Definition of Presbyopia
Presbyopia is the term for the decrease in visual acuity for near task that occurs with age. It comes from the Latin and Ancient Greek terms presbys (old man) and -opia (vision problem or eye). If you live a normal lifespan, you will get presbyopia.
What seems to shock people is that this change in vision usually starts around age 40 years, which is not considered old in today’s culture. But the eyes don’t know that.
Causes of Presbyopia
In order to read or see anything up close, there a number of things that need to take place in the eye. The shape of the lens has to change, which occurs by the action of what are called the ciliary muscles.
With age, the lens cannot change shape easily enough. It becomes less elastic. The lens can also develop areas of opacity; these are called cataracts and are separate from presbyopia.
The act of focusing your eyes on something close up is called accommodation. As you age, this becomes less and less perfect. It is not something that you can control; all of this happens reflexively in the eye, like your pupils constricting in bright light.
When does this start to bother you, and what you will notice most, depends on a number of factors including:
- Your age
- Other visual problems like farsightedness (hyperopia) or nearsightedness (myopia)
- The presence of diseases in the eye like glaucoma or macular degeneration
- Serious illnesses like diabetes
- Certain medications
- Your work activities and how much to read small print or work with small items up close
- Your leisure activities and how much you need close vision
- The amount of light you have
Symptoms and signs of Presbyopia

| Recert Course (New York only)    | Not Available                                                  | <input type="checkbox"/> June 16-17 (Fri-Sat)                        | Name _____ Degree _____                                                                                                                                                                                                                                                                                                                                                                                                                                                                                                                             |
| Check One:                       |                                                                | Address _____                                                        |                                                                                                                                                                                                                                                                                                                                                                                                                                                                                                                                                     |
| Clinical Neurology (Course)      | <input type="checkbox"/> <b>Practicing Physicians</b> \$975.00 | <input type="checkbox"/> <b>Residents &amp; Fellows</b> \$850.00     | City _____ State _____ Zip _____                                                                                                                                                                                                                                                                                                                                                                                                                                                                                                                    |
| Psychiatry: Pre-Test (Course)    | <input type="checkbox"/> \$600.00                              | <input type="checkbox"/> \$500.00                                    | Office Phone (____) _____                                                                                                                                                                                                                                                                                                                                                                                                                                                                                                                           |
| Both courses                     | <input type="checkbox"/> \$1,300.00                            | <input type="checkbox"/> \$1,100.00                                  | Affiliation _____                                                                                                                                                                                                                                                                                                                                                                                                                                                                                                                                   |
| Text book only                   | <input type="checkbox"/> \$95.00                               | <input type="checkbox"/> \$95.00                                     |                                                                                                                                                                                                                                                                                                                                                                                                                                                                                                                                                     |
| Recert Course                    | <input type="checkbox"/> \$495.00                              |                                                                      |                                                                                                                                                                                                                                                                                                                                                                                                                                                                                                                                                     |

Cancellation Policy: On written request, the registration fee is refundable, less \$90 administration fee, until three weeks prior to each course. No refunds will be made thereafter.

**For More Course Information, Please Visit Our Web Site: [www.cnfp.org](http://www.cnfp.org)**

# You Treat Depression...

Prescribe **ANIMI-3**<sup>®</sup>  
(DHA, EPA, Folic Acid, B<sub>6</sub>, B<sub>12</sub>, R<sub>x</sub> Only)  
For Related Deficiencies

Most commonly, people start to move what they are reading farther away from their eyes and face. By the time you need to hold a book or newspaper at arm’s length, you have presbyopia. Some people tolerate this better than others.
You may notice that you need brighter light to see print well. You may find print on a page blurry, or even have double vision when reading. Some people feel fatigued by trying to read all day. They can have a general feeling of fatigue, or a sensation of eye fatigue. Some people even have headaches.
Most people, however, recognize the symptoms and depending on whether or not they already need visual correction and see an eyecare professional regularly, they may just buy over-the-counter reading glasses. Others need their own prescription for glasses and/or contact lens for presbyopia. There are newer presbyopia treatments such as placing new lenses in the eye and corneal surgery.
If your vision is deteriorating, a visit to an optometrist or ophthalmologist is a very good idea. They can look at your eyes to see if there are any other problems aside from presbyopia. Getting glasses or contacts may offer very good correction, while the new procedures may give you other options.
An eyecare professional will check your vision with an eye chart and see if it can be corrected with lenses of different strength. This is called refraction. If you have not been through this procedure before it can be a little confusing but it is not difficult or painful. He or she will also give you a small eye chart to read at a normal reading distance.
You should also be checked for glaucoma, which is done by measuring eye pressure, again an unusual procedure the first time but not painful. The back of your eye (the retina) not only can have diseases, but it is also a kind of window into your health. Vascular disease like that causing strokes or heart attacks frequently appears in the retinal blood vessels. The lens can also be examined for cataracts.
Any eye disease must be treated, not just the presbyopia. If you have no other eye problems, getting vision clear enough to do the things you have to do and want to do can be accomplished. Unless you have severe eye disorders, your close vision can usually be corrected. If your vision was already abnormal, correction can still be achieved, but it is a little more complicated.
Treatments of Presbyopia
In addition to corrective lenses, you will probably be advised to use stronger light sources for detailed close-up work.
Anyone reaching the average lifespan in the United States and developed countries will have presbyopia. The longer you live, the more presbyopia you will have and the harder it will be to correct.
While it cannot be cured, it can usually be handled well enough to allow affected individuals to be able to do everything they need to do and want to do.
Methods of Treatment of Presbyopia